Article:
by Kimberly Blaker
As we approach the new year, health is often at the top of our resolutions. One area of health that affects your entire body is your sleep. So, how do you get better sleep and more of it?
We followed up with local sleep expert, Dr. Cathy Goldstein, to see what tips she offers to her patients.
Dr. Cathy Goldstein (Sleep Medicine & Neurology at University of Michigan Health) stated,
“Here are my favorite sleep tips, known as REST:
R: Recognition/Recogonize if you are devoting enough time to sleep.
You can’t cheat biology, 5-6 hours of time in bed is not enough. Wearables can help, but don’t let them make you crazy either. We don’t actually know the relevance of sleep stages/sleep quality and depth scores derived from wearables. Just make sure you are devoting enough time to sleep.
E: Environment Cool, dark, and quiet. Put your smartphone on do-not-disturb, as even vibration sounds can disrupt sleep. The bedroom environment is for sleep (and maybe some adult extracurriculars) only. Fans are great for white noise and cooling as high 60s is the ideal temperature in the bedroom.
Humans are highly conditioned, so if you start doing other things in bed like ruminating on the day, watching Netflix, working, or scrolling, you will associate the bed with other things than sleep.
Do not do these things! If you are lying in bed struggling to sleep, get up and do something relaxing in another dimly lit room.
S: Shut down You can’t go from 60 to zero. A wind-down routine helps to cue your body that it’s time for sleep, but you need more than just a bedtime skin regimen or book reading ritual.
Start dimming the lights within four hours of sleep onset. Light during this window of time (particularly blue spectrum light that your backlit electronic screens are enriched in) can push the internal clock later, making it hard to fall asleep at the beginning of the night, and harder to wake up in the morning.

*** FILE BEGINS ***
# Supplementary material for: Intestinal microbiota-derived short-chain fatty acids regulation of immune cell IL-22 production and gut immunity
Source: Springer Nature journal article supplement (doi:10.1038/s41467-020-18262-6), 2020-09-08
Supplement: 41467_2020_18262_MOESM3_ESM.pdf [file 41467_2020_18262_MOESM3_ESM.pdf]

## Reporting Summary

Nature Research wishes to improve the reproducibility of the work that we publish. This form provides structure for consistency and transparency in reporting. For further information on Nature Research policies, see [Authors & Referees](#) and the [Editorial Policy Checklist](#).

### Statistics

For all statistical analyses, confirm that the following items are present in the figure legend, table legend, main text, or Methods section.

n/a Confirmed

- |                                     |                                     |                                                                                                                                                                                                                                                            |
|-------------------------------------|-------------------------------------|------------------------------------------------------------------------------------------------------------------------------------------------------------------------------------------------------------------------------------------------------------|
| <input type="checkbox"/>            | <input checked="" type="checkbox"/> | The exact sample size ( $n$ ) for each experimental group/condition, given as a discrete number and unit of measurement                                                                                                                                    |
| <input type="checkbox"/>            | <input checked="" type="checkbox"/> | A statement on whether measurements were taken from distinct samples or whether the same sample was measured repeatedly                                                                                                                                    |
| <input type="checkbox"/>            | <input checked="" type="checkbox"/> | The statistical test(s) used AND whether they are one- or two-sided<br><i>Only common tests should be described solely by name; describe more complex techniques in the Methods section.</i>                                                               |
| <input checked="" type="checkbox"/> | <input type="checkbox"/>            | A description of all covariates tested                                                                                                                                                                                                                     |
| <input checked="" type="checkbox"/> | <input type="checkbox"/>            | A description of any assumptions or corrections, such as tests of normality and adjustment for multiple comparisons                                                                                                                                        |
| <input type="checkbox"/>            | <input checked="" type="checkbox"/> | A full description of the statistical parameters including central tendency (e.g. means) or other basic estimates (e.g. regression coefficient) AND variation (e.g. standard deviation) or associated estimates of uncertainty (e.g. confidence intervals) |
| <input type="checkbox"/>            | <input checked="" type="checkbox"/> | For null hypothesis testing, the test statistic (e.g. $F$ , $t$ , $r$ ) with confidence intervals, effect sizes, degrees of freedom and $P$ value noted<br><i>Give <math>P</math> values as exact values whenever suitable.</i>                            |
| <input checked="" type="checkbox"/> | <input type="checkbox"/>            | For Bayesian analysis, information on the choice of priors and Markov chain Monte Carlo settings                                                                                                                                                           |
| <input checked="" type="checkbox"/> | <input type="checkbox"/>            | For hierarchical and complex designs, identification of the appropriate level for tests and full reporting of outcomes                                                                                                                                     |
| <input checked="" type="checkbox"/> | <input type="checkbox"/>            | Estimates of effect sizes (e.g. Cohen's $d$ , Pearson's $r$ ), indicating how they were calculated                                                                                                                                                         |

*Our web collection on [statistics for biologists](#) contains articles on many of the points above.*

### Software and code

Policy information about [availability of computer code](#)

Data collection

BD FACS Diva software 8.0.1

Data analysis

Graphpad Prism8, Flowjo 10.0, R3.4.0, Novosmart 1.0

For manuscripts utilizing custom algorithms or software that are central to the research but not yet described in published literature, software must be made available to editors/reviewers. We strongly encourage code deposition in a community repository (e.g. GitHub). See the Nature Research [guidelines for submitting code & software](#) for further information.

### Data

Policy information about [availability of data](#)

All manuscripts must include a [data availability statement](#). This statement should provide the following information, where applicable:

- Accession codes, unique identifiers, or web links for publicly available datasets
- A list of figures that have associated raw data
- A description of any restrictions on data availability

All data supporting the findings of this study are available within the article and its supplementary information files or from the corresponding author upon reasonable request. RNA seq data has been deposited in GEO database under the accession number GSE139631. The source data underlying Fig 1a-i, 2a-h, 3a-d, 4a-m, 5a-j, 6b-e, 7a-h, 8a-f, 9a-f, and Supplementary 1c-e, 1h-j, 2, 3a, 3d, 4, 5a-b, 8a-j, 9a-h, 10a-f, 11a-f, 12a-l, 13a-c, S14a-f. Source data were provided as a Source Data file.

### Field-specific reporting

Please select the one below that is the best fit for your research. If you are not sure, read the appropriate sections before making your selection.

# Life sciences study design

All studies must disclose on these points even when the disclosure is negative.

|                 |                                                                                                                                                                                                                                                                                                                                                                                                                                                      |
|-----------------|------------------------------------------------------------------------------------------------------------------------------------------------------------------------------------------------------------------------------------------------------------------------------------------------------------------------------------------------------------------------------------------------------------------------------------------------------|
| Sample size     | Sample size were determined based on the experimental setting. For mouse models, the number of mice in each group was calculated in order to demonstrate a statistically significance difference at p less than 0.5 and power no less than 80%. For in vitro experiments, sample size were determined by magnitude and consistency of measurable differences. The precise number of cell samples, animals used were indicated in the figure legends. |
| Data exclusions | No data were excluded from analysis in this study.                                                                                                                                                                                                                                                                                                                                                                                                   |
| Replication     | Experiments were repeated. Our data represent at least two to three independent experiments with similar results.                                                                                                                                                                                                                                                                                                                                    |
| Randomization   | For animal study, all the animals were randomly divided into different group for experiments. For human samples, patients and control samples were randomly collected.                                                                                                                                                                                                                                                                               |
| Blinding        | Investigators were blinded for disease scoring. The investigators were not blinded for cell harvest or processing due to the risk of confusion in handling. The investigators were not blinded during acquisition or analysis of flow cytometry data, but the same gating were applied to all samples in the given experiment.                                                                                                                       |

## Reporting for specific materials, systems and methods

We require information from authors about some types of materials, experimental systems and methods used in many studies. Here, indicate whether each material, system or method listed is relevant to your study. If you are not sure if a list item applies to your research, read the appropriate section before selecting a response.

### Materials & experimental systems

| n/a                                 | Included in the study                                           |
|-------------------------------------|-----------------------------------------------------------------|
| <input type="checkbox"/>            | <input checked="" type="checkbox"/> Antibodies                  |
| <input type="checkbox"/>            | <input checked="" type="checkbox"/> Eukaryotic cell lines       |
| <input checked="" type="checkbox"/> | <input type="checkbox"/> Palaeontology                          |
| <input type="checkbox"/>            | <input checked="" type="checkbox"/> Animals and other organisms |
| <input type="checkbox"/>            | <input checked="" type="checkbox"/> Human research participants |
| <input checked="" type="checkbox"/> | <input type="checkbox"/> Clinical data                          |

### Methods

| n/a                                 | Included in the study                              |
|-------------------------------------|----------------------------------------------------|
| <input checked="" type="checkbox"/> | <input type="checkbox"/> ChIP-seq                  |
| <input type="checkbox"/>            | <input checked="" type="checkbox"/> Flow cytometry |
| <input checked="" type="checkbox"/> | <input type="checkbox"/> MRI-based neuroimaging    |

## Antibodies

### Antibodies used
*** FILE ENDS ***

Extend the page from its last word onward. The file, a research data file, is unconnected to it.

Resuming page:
If you are a night owl, I recommend using amber-colored blue-blocking lenses (blue spectrum lights are everywhere, given LED lighting).
T: Timing If you have to commit to one change for improving your sleep for the New Year: wake up at the same time every day, seven days per week (if that’s a deal-breaker on weekends, at least make it within an hour).
Waking up at the same time every day stabilizes and strengthens your circadian rhythm so that your body knows not only the time when you are supposed to awaken, but also the time you are supposed to fall asleep.
Getting lots of light upon awakening and during the daytime is critical for a robust circadian rhythm, so consider light therapy too. 10,000 lux, full spectrum lights for seasonal affective disorder work great.
Additionally, this stable wake time ensures you build up enough sleep hunger (homeostatic sleep drive) so your body is ready for bed at your desired bedtime.
A common downward spiral I see is sleeping poorly leading to sleeping in, which leads to catching more zzzs, only to then try to go to bed early the next night. But then your body isn’t biologically ready for sleep, so you get frustrated, sleep poorly again…and so on, over and over and over again.
Getting up at the same time each day to leverage your circadian rhythm and homeostatic sleep drive really gets you “more bang for your buck” during the time you devote to sleep.”
But, for many, getting a solid night’s sleep is as elusive as winning the lottery. Getting too little sleep is so common that it’s become almost a badge of honor to get through each day with sleep deprivation. Even if you feel like you can function on little sleep, it’s actually debilitating, if not dangerous, to a person’s health and mental faculties.